572 Church Street: Storytelling Space

Where you tell a story matters. It helps set the tone of what you are about to say and assists in how the audience portrays you. I’m sure a scary story told around an eerily lit campfire in the middle of the forest would instill more fear than if it were told in a colourful, bright, sun-lit room. The place becomes the tool that will only enhance what will be told if it is appropriate.

In the past, I’ve attended plays and musicals in these grand theaters. The seats, the stage, the lighting all become crucial components in creating the ideal space where stories could be told. These past experiences of mine are part of my inspiration for what I believe a story telling space should provide.

The goal of this project was to create a building that would house three major spaces, an office, a cafe and a storytelling place, all within a defined area of around 360m2. In these spaces, what needed to be addressed? What was of most importance? These were some of the questions that had to be observed during this process.

What I wanted to create a building that would encompass all the needs of the spaces, all while providing a focus on the areas of significance. Some implementations include an office space that provides both, privacy and circulation; a storytelling space that feels open and can be viewed through a higher vantage point; a cafe space that offers comfortable and cozy seating.

The site is located along Church St., a place of great significance amongst the LGBT community, making it an ideal location for a place of gathering and a place where interesting stories could be told.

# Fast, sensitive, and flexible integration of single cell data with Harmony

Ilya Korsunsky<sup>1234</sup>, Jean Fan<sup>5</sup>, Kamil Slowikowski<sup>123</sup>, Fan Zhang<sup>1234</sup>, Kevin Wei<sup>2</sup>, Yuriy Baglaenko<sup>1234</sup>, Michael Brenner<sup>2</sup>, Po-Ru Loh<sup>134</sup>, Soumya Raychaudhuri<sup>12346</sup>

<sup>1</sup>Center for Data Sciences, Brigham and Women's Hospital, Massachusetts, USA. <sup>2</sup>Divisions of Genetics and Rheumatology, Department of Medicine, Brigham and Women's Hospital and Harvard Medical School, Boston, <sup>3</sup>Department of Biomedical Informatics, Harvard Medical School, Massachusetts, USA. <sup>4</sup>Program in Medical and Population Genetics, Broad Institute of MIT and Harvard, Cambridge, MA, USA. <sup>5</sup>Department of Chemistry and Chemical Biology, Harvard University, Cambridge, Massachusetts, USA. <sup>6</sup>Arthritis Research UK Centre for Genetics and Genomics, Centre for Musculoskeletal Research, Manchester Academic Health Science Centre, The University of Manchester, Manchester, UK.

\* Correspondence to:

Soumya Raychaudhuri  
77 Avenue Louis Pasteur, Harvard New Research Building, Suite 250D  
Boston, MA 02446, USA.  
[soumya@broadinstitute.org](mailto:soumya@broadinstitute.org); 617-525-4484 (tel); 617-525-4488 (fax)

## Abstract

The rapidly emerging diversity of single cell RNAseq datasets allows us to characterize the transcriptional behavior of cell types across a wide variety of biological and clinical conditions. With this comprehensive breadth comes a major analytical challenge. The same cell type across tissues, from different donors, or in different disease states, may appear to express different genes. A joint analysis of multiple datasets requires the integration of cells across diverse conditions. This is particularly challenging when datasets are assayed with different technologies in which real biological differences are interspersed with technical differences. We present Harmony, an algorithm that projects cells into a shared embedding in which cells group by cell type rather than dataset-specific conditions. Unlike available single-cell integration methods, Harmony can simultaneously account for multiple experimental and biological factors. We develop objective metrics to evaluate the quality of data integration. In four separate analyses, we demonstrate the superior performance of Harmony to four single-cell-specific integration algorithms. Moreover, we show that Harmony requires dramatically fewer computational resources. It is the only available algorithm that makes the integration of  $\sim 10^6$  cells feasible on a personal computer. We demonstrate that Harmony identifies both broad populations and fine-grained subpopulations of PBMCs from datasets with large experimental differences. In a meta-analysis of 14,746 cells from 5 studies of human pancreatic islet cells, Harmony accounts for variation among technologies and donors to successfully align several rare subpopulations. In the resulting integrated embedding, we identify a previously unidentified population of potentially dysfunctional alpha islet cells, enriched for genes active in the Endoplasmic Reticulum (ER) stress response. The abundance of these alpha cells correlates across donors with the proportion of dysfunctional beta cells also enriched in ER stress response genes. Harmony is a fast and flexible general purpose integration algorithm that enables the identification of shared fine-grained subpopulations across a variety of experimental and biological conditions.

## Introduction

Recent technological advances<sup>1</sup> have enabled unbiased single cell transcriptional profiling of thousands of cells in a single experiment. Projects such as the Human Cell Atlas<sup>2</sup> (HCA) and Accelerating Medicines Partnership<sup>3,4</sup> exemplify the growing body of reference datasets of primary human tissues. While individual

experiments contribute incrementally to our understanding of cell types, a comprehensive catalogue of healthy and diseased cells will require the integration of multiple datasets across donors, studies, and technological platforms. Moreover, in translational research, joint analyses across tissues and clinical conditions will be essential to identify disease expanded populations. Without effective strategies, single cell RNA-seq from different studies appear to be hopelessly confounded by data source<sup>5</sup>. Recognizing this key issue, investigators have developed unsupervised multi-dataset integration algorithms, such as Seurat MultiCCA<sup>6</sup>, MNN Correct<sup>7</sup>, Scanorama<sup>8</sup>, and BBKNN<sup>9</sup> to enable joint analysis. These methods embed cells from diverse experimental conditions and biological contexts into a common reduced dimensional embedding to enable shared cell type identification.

In particular, what makes this building design stand out will be how it lays inside the lot rather than keeping it continuous to the street wall.

A benefit of this small addition will allow for the use of the excess space along the lot, all while creating a sense of emphasis for the arrival towards the building in this area.

Each section of ASC 201 has been allocated a wandering line in the city of Toronto. Students were asked to carry out four tasks in relation to that line for this first project of the winter semester:

  • Walk the line. Spend a few hours in the cold January weather walking the line. Follow the line from beginning to end and then back again. Go with a friend, go back alone. Talk to people. Get a coffee. Document what you find in photographs, sketches, notes, sound recordings.

  • Make an object. Make an assemblage from objects you have collected on your walk. Everything in the assemblage (except glue) must be found on the line. Objects can be purchased, scavenged, found. The assemblage you make should tell us something about the line and should be no larger than 200mmx300mmx300mm high. All objects used in the assemblage should be documented in their original location on the line using photography.

  • Write a story. Write a story about the line. Like all good stories, it should focus on one or more characters you encounter on your walks, and the story should tell us something important you have discovered. The story should take no more than five minutes to tell.

  • Draw it. Using the conventions of architectural drawing, - plan, section, elevation and so on - prepare a single drawing of your assemblage as an occupied structure. In order to do this you will need to consider (among other things) the following: Where is the assemblage to be situated? It should be somewhere along your line. What is the scale of the assemblage? In other words, how big is it? How will people use the structure? What will they do in, on and around it? What needs to be added, beyond the assemblage you have built, in order to allow this occupation?

Toronto Metropolitan Department of  Architectural Science Toronto, CA.